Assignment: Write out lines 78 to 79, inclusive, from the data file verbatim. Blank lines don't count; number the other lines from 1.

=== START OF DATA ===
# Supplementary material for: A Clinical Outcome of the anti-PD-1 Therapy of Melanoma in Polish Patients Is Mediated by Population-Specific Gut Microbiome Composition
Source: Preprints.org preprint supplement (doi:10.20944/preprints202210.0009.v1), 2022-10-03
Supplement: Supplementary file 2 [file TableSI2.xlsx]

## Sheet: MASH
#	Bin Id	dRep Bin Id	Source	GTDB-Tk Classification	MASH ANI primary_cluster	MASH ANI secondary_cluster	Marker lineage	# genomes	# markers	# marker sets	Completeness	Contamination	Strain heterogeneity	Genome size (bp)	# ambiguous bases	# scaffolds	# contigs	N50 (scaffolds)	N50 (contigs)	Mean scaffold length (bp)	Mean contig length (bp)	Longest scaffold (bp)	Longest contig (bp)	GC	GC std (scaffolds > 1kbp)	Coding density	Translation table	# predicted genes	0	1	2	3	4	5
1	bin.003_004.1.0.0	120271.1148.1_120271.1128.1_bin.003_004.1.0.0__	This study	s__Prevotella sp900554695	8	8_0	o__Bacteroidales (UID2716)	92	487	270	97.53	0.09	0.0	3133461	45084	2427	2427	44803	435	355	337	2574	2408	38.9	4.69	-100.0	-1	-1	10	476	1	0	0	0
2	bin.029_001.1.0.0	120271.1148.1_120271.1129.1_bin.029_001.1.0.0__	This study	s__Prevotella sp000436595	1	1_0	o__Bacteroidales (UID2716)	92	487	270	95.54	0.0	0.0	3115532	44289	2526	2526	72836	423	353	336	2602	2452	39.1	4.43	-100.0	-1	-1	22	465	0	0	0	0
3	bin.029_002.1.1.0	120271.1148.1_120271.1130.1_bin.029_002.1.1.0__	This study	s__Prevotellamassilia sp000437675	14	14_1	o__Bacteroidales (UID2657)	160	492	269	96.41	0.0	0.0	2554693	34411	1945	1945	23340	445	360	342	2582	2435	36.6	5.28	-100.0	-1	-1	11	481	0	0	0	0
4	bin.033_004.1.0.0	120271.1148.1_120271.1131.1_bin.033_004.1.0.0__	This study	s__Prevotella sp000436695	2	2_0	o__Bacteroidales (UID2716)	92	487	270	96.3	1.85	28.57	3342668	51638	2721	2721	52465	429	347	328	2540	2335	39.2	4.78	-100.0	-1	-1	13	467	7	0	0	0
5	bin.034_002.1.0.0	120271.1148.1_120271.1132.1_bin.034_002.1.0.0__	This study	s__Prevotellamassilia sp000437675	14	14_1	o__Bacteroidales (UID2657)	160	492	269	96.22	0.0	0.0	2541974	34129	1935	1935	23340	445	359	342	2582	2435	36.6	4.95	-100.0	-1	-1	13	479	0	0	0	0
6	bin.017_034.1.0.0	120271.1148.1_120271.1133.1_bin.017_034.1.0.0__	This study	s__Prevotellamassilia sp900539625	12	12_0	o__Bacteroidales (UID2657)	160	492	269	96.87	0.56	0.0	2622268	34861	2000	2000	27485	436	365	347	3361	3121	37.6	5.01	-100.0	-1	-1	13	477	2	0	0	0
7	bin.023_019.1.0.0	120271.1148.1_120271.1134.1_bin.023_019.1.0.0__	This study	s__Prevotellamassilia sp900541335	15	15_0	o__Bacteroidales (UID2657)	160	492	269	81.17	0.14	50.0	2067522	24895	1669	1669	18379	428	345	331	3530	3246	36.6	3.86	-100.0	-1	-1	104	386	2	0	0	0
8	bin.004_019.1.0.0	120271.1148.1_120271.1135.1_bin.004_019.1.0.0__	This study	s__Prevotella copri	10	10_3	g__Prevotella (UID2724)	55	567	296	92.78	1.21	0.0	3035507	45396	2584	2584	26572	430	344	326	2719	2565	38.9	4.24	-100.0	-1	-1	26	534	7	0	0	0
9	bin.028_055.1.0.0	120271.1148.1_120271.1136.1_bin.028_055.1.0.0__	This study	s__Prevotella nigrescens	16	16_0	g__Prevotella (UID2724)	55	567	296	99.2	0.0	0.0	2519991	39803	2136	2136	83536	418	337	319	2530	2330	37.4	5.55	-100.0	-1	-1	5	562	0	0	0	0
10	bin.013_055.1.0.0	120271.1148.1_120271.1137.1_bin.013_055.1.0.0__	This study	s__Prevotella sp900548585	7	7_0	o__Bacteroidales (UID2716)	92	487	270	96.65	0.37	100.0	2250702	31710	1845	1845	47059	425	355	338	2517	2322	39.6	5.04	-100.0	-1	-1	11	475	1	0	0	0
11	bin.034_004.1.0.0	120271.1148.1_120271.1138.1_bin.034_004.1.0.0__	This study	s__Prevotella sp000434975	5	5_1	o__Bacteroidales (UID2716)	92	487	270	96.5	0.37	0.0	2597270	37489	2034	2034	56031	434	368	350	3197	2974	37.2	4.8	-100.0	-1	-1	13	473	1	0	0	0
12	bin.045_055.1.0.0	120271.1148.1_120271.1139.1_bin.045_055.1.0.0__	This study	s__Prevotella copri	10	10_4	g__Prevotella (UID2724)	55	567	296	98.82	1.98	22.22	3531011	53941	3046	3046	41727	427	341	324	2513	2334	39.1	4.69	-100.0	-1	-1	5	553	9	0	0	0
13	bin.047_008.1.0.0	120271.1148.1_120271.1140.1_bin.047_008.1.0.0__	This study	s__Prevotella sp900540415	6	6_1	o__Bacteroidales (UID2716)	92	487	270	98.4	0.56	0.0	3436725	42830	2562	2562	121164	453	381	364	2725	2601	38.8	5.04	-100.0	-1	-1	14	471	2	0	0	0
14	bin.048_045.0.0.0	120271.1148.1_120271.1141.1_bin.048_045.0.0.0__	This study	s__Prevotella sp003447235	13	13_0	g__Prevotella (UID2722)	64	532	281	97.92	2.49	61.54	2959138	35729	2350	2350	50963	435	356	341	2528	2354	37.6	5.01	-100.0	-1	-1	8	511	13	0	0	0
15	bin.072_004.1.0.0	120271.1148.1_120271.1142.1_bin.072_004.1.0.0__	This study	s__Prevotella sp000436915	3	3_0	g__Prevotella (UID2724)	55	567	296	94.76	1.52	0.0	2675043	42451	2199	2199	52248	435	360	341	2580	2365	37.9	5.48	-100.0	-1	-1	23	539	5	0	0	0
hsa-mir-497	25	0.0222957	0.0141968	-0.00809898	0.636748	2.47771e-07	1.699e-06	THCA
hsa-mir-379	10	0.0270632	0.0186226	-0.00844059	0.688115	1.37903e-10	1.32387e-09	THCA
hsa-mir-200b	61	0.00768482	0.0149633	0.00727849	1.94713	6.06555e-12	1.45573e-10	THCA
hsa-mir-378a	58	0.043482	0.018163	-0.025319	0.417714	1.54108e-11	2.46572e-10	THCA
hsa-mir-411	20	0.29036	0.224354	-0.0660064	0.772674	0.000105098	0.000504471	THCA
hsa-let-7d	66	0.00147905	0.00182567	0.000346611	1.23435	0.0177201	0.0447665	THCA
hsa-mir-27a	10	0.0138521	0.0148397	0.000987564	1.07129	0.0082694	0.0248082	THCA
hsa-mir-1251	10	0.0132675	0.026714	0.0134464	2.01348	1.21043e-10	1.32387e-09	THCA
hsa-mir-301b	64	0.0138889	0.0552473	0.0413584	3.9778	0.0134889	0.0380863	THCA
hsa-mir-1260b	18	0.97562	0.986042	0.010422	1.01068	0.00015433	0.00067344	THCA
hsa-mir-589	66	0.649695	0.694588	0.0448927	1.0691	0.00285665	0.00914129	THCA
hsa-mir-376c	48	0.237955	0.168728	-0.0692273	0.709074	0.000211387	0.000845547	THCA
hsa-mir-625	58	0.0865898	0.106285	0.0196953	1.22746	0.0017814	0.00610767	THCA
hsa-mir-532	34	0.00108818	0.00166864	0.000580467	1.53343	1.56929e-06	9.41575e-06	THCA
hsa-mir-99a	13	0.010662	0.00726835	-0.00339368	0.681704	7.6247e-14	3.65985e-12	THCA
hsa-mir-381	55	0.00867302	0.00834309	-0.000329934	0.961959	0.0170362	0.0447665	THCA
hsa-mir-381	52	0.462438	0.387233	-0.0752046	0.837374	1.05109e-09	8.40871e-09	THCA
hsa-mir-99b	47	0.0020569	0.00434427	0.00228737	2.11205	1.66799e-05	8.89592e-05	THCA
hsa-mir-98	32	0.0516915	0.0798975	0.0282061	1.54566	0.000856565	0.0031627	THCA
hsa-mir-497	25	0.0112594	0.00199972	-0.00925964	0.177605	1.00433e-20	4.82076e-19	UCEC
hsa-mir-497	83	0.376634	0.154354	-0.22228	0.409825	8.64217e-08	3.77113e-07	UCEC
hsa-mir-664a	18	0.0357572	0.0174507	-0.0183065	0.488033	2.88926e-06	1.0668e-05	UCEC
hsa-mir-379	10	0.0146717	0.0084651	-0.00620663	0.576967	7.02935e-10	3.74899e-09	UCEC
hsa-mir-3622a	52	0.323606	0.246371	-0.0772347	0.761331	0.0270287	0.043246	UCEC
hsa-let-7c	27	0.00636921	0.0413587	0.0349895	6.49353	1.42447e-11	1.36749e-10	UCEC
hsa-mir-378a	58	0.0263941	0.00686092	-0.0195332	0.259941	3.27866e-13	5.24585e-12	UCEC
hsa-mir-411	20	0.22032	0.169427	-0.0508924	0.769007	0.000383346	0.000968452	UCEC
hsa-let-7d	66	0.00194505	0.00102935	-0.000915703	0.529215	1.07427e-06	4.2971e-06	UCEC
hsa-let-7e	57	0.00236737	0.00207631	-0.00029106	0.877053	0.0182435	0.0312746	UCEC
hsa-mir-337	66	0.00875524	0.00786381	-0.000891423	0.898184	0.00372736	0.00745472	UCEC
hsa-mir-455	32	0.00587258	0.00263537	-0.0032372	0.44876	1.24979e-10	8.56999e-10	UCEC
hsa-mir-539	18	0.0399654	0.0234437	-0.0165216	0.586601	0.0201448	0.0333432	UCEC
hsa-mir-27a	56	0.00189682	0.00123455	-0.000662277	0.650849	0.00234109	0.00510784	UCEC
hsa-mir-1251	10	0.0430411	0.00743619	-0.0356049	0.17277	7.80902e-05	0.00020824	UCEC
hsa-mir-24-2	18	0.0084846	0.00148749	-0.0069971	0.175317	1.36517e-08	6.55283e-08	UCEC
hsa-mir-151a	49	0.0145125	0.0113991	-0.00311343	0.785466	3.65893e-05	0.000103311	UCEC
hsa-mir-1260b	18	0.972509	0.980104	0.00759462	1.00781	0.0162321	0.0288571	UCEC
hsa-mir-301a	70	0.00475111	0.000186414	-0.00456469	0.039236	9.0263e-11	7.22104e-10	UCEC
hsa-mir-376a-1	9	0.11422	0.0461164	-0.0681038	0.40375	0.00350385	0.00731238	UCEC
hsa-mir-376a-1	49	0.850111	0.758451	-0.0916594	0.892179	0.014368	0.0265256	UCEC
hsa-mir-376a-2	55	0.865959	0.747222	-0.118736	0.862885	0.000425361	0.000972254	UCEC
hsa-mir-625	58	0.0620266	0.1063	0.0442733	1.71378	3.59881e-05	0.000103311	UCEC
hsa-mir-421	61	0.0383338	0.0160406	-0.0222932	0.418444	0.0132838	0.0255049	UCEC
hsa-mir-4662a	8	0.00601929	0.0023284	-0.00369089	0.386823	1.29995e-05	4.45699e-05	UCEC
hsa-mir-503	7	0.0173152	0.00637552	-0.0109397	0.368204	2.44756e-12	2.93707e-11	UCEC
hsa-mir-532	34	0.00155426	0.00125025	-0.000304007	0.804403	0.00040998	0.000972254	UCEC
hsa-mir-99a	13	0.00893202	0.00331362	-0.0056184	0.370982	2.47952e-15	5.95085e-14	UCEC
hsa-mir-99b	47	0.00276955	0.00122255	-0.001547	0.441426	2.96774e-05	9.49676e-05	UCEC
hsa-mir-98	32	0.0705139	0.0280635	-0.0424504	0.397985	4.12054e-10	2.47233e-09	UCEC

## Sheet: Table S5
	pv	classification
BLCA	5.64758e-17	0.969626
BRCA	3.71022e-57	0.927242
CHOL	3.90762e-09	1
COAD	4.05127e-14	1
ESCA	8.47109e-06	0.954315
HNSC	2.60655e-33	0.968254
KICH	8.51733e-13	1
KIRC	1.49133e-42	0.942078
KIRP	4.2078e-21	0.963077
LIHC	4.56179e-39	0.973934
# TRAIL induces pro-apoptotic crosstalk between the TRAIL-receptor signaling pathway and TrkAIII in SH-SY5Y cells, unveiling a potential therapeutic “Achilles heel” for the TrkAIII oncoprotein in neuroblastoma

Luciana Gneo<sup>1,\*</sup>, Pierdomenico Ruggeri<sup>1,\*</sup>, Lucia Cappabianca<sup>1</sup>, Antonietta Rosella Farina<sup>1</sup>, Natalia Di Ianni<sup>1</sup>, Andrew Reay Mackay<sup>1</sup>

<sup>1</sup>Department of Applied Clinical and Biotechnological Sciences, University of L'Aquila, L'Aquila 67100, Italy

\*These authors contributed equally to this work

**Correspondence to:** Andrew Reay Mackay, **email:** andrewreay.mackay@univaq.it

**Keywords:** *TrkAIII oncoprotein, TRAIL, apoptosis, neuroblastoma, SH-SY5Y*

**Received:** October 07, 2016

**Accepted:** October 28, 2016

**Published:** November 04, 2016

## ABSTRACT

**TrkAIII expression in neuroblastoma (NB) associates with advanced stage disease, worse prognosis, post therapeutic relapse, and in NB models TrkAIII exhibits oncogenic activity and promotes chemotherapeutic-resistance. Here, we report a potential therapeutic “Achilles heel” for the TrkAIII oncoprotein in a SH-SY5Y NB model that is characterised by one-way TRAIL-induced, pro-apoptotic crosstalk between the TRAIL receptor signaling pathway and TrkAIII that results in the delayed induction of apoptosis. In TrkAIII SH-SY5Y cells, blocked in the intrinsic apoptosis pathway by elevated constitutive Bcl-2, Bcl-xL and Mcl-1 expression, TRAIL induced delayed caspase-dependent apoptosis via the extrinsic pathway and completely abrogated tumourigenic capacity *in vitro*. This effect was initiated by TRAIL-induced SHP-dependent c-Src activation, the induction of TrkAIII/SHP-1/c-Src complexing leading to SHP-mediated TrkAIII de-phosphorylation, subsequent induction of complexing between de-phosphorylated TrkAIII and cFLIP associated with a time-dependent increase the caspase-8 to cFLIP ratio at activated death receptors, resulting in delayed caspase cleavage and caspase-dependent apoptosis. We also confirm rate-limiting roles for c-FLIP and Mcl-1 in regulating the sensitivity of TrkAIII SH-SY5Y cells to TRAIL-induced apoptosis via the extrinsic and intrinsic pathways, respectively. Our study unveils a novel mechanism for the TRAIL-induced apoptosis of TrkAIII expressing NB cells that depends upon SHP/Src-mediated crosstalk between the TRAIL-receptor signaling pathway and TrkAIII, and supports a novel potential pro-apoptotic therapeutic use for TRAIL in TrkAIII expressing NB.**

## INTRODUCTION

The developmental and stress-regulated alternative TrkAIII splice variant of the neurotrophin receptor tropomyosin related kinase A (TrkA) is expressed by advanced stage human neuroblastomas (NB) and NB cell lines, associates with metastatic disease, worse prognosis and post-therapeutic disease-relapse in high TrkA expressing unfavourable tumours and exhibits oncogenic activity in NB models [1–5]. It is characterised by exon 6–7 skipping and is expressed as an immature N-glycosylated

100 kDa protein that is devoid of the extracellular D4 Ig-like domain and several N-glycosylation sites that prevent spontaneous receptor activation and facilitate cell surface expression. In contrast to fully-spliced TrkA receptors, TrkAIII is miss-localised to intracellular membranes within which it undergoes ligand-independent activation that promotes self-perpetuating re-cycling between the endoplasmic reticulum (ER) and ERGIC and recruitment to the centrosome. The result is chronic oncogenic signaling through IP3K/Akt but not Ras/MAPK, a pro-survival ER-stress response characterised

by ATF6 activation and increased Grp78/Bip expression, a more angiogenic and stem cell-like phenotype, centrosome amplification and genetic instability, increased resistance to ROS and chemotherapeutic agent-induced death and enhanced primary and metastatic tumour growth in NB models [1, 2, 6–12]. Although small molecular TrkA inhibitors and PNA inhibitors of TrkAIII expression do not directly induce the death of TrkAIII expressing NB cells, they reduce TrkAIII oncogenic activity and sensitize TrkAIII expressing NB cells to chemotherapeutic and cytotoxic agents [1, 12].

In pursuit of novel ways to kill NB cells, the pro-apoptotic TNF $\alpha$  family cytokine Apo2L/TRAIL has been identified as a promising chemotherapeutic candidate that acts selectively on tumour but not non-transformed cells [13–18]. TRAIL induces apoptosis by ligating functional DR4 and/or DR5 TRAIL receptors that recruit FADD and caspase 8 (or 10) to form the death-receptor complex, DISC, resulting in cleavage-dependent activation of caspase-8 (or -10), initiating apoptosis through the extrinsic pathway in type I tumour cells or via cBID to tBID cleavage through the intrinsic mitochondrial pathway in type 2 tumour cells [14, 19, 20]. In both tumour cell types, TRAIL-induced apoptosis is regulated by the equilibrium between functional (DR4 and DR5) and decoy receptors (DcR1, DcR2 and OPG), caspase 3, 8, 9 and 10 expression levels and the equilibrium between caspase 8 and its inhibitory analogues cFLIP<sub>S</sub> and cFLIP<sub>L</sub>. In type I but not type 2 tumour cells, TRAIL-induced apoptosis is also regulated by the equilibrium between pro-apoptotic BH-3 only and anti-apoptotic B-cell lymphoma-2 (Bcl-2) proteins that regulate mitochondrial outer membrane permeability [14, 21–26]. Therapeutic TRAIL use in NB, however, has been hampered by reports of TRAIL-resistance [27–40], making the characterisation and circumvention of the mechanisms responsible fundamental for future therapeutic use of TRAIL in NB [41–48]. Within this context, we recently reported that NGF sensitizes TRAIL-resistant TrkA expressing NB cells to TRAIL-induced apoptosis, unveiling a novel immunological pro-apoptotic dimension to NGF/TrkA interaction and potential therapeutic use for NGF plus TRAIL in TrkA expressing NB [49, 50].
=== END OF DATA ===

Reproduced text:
KICH	8.51733e-13	1
KIRC	1.49133e-42	0.942078